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A post about fatalism

  1. Mar 2, 2006 #1
    I hope it's okay that I made this thread...if it isn't, I'm very sorry, I thought it would be an interesting topic and that I had fleshed it out as best as possible. :smile:

    Anyways, I just finished up an entry for my journal and decided to post it here:


    I was doing an assignment for English in which I had to make up a list of ten personal vocabulary words from books, articles, etc. I've read and, in my search, I found the word "fatalism" [Found in Harry Potter and Philosophy, if Aristotle Ran Hogwarts. Yes, I read Harry Potter...shut up.:grumpy: :rofl: ]. I looked it up and this is what I found:

    fatalism: a doctrine that events are fixed in advance so that human beings are powerless to change them; also : a belief in or attitude determined by this doctrine

    I also found http://www.molloy.edu/academic/philosophy/sophia/ancient_lit/happiness/fatalism1.htm" [Broken] on it as well.

    **If it is fated for you to recover from your illness, then you will recover whether you call a doctor or not.

    **Likewise, if you are fated not to recover, you will not do so even if you call a doctor.

    **So, calling a doctor makes no difference.

    When thinking about fatalism I can't help but think about religion as those who believe in God say, "We have freewill." but I've also heard others say things happen for a reason, which implies our lives are planned out for us ahead of time, at least in a small way. Really, think about how people respond to a death. A child contracts cancer when he's seven and dies a few years later. A child dieing is always a terrible occurrance especially when it's from an illness... But, some of the families who go through this type of thing tend to look to God and say it was all a part of His plans. How is that if they believe we have freewill?

    If that child died because God planned it that way, nothing in the world could have prevented it from happening. They could have done everything under the Sun and that kid still would have died... Does that mean fatalism does have a place in our lives? That it's half and half? Some things we can change and some things we can't? What I've read would imply that those who are against fatalism believe it's ridiculous but maybe it isn't...I don't know, it's a curious topic.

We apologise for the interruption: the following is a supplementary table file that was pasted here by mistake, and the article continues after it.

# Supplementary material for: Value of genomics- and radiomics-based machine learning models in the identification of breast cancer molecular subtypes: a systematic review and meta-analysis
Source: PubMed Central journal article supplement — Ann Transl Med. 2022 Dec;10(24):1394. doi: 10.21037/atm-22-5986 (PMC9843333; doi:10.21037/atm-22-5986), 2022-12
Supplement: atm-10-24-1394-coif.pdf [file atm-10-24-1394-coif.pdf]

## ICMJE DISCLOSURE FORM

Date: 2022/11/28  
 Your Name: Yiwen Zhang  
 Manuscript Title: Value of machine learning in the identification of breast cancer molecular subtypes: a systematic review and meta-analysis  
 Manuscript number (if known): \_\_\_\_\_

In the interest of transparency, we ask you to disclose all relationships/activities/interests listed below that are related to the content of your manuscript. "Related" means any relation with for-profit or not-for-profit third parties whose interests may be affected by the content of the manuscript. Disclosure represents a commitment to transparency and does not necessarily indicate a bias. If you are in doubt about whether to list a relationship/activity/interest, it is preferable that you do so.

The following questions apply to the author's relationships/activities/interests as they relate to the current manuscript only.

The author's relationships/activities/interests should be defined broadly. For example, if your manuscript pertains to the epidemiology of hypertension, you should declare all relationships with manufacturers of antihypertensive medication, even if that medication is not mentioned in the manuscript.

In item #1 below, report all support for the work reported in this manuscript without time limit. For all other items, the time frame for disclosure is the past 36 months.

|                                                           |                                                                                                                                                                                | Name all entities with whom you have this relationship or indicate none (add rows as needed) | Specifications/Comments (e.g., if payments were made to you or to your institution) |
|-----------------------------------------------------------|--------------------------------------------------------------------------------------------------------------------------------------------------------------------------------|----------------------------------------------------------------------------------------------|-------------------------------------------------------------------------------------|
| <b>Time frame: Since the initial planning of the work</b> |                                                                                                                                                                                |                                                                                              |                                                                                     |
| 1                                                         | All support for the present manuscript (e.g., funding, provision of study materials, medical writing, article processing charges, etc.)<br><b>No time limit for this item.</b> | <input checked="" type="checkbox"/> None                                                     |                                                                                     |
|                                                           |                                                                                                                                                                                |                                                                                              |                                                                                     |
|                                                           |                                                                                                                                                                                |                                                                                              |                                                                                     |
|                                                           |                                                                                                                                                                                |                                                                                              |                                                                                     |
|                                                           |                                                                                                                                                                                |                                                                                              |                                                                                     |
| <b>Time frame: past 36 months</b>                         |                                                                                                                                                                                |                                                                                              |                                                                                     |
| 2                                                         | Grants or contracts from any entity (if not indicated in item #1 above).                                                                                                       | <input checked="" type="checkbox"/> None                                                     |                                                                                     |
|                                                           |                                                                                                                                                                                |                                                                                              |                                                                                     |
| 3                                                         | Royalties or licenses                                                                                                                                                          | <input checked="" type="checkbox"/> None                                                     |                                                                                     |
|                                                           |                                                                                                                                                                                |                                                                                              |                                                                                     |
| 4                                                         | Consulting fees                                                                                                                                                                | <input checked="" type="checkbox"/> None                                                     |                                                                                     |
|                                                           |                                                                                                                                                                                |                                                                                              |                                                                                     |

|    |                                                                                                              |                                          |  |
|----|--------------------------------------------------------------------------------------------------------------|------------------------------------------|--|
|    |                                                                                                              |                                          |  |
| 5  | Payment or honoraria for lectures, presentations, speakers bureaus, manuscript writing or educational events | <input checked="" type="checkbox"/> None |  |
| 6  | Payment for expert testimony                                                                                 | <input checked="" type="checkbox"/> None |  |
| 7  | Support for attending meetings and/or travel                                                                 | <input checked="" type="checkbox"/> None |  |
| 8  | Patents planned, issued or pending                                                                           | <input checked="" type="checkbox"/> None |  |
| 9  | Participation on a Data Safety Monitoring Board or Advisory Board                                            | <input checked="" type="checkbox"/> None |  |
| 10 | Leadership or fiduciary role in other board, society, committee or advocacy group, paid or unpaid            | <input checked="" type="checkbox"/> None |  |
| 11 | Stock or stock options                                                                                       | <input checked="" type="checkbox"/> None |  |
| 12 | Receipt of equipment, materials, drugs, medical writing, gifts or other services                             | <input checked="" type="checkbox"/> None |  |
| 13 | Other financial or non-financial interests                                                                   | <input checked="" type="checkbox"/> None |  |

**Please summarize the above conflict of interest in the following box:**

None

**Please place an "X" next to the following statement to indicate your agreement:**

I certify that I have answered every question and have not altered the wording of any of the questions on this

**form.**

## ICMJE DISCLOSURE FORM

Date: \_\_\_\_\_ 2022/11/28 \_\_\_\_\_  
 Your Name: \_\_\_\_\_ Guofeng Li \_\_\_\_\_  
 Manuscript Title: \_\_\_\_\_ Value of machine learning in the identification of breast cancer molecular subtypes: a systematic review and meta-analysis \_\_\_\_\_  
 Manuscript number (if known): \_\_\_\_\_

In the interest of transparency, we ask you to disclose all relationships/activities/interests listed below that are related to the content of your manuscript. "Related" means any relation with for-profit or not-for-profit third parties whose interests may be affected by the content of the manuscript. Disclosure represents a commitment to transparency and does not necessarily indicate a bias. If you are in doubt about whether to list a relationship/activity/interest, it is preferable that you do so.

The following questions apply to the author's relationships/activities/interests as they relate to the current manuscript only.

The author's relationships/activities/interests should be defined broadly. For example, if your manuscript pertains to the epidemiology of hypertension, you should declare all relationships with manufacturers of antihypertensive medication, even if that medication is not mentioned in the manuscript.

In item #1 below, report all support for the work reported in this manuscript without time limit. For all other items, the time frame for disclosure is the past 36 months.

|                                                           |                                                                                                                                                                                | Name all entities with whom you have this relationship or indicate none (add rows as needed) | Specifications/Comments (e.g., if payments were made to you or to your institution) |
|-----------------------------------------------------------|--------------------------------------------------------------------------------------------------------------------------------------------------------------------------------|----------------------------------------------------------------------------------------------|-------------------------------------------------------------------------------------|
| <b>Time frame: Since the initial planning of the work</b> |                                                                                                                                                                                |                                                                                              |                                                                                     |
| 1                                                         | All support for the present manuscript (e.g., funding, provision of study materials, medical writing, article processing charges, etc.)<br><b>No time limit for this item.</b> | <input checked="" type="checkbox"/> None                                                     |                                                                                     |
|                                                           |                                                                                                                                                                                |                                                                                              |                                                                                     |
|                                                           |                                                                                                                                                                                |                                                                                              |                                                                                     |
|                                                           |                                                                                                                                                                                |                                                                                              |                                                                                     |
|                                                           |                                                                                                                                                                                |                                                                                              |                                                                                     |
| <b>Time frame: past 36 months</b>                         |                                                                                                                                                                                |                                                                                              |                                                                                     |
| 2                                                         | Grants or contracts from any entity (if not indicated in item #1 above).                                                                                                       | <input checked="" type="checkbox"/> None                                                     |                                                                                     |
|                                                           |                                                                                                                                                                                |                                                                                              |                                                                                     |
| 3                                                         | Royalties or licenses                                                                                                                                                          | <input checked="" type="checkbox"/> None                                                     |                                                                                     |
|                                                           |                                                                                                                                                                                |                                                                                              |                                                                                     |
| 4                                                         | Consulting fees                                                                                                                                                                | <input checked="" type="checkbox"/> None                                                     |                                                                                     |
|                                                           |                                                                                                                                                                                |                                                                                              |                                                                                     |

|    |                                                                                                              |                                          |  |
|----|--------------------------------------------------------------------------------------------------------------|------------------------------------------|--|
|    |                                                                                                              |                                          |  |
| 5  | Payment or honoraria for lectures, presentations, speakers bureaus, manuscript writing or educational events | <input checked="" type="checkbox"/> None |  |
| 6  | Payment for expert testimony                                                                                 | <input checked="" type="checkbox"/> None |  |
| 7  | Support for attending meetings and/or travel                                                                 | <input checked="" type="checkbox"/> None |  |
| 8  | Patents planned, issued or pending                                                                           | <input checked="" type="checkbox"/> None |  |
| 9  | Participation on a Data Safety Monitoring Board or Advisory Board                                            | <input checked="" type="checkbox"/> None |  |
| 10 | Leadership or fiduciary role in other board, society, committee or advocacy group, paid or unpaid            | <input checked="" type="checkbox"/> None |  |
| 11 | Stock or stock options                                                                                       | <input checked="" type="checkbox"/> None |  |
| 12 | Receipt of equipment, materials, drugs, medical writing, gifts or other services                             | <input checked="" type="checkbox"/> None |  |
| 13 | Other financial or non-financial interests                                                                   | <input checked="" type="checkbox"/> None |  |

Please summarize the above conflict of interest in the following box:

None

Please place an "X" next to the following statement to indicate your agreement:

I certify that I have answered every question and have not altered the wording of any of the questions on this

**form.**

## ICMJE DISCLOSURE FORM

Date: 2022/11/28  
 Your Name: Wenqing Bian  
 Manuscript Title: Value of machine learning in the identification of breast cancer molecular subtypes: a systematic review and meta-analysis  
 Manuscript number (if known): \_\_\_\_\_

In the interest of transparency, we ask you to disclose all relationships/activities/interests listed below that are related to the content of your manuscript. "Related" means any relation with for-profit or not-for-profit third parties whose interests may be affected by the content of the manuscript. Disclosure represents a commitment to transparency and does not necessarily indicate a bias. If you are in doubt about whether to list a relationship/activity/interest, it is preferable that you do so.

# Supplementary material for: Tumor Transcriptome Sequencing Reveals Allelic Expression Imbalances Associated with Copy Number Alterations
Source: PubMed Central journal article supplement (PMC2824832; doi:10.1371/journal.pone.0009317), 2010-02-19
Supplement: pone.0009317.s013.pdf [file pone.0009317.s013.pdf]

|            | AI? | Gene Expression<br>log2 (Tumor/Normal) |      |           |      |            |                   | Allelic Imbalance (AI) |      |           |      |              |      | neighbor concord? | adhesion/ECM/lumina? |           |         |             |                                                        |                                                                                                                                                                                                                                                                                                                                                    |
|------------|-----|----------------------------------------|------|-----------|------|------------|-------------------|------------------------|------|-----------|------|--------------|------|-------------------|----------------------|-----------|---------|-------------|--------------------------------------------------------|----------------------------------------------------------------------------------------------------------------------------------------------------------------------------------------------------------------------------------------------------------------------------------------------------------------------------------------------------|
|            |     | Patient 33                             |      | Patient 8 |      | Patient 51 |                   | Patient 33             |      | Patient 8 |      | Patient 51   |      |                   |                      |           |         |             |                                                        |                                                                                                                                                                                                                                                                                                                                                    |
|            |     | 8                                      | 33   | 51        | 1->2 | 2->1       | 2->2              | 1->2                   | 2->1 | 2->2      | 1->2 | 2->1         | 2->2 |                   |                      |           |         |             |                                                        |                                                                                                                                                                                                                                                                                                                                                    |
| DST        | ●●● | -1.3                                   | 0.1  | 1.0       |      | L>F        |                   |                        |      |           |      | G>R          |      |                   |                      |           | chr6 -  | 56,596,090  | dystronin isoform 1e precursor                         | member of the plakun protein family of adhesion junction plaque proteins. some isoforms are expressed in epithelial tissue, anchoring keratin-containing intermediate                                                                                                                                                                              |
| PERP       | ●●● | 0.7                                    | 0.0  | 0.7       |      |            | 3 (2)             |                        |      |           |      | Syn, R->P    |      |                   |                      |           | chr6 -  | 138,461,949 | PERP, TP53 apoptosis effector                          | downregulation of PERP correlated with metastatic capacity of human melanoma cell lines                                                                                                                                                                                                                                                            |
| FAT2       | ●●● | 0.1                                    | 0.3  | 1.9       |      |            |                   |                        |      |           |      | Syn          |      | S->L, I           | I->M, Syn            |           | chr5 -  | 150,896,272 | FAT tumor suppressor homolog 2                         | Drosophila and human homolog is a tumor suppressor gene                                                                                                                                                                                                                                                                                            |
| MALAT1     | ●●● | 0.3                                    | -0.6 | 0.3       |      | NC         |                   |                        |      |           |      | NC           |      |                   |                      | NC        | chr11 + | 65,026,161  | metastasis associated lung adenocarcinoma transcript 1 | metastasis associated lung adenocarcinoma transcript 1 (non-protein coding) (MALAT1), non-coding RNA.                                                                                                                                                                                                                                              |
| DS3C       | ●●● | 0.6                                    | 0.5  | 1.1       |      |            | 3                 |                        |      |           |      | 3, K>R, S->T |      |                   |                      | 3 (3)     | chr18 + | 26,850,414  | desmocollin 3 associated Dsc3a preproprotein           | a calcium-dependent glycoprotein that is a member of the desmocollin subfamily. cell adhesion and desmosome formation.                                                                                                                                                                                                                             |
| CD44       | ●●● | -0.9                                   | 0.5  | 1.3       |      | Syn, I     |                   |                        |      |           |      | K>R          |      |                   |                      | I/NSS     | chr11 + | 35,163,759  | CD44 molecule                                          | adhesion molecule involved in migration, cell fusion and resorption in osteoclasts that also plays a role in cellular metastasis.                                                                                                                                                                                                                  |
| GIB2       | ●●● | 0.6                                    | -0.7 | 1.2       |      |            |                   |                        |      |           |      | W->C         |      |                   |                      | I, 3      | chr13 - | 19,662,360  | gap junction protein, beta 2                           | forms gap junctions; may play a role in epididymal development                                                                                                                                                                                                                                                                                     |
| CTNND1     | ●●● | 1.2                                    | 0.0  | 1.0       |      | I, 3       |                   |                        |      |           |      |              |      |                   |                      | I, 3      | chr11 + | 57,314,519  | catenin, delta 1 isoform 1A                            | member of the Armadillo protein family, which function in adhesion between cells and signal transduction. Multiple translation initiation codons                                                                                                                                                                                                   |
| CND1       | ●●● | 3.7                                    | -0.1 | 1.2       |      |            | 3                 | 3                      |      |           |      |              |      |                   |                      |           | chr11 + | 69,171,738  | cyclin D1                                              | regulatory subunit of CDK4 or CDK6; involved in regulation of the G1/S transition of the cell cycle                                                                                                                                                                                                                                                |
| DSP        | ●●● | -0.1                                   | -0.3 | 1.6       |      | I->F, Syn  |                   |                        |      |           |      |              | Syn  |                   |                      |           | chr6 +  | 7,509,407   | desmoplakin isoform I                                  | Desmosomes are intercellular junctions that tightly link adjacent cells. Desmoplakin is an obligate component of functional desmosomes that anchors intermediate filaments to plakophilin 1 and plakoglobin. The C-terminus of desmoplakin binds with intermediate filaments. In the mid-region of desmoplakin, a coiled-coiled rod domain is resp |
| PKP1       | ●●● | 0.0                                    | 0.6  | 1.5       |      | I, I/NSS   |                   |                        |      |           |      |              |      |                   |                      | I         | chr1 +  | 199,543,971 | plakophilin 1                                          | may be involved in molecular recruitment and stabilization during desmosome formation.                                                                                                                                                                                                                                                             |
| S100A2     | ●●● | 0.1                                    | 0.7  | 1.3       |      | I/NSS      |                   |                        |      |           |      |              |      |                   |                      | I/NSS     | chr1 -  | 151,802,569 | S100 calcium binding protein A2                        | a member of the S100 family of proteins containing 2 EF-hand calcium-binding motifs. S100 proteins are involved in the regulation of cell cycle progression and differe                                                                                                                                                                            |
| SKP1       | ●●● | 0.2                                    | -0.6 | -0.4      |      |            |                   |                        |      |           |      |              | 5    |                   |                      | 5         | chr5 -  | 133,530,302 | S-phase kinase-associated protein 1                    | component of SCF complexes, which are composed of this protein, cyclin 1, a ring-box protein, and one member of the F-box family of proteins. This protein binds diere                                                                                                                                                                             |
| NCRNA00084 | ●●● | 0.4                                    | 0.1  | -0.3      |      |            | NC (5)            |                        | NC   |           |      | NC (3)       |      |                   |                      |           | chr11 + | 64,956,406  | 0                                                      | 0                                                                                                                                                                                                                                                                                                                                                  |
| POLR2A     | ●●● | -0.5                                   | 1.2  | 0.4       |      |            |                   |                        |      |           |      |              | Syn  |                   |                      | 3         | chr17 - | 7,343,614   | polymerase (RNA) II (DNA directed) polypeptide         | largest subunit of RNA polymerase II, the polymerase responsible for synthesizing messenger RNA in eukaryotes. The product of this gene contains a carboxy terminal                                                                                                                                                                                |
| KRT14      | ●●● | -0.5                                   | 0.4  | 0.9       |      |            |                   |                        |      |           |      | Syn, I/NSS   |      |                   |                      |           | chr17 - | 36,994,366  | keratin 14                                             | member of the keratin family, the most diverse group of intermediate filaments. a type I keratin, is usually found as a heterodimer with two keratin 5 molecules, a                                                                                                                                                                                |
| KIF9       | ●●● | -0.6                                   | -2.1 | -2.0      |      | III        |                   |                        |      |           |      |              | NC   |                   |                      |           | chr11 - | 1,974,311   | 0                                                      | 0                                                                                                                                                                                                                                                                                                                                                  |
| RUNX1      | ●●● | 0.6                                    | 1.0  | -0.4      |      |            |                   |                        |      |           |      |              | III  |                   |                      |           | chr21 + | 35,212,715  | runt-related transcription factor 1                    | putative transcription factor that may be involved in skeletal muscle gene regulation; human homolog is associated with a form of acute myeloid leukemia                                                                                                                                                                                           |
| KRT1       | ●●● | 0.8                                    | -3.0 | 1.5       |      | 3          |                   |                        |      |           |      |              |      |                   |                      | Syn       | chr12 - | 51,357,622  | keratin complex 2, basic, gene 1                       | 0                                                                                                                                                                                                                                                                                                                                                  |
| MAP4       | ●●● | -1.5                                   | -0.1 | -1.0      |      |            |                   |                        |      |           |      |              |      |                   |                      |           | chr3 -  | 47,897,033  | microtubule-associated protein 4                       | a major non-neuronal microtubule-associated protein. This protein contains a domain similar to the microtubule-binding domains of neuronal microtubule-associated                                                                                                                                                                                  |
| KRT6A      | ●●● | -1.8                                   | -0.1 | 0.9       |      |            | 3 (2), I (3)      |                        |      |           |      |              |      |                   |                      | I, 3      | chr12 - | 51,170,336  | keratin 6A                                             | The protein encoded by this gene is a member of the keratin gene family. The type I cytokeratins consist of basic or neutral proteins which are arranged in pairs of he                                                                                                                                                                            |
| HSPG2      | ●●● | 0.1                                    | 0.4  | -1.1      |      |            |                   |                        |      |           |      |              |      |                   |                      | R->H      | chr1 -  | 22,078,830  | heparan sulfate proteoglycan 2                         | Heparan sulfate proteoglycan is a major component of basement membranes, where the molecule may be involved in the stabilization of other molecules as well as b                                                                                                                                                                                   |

I thought this topic would be okay since I was planning on using the example Wikipedia gave to begin the discussion. What I've read would suggest those who argue against fatalism would probably agree with that example but I'm not so sure it's the argument ender... Let's say a doctor treated a cancer patient and that patient lived. I'm assuming medical tests would prove that that doctor was needed (And history would probably prove the same thing as people are living longer today than they did 100 years ago because of modern technology.)...so, instead of saying his ability to save lives proves fatalism is a crock, what if it proves he was a part of that patient's destiny to survive? Like I said, I don't really know what to think but I can't help but think about it.:rofl:
    Last edited by a moderator: May 2, 2017
  2. jcsd
  3. Mar 2, 2006 #2
    We all get to die in the end. In the interim we are alive...where there is life there is hope. It boils down to looking for and exploiting the alternatives, creating options and making choices. It begins by acknowledging that you are responsibile for your own destiny (whether you choose to take control of it or not) and accepting that the time you have to live (however long that may be) is your ultimate value. Your life is yours to live for as long as you manage to stay alive, use your life and time wisely; let destiny worry about the rest.
    Last edited by a moderator: May 2, 2017
  4. Mar 3, 2006 #3
    One variant of fatalism is the belief that everything is determined within a possible range, and we choose what happens within this range. This might be the 50/50 idea you talked about. This makes the most logical sense for fatalism, but it does not answer the problem of pure fatalism.

    The key thing to remember with absolute fatalism is that it does not abrigate our responsibility. From our perspective we have complete freedom, and we can only make choices based on our perspective. No matter how much you might claim to believe in fatalism, if you let your child die becuase you refused to call a doctor, you will feel guilty. We cannot escape the neccesity of choice, and we have to base everything from that. Therefore, since we do not know the outcome we must act as if we had a say in it. This is not a metaphysical concept, but rather a practical philosophy. Taking this aproach we can, to some extent, reconcile fatalism with individual choice if we see the matter from a practical, not idealistic, point of view. Freewill, determinism: it really doesn't matter as long as you take responsibility for the consequences of your actions.
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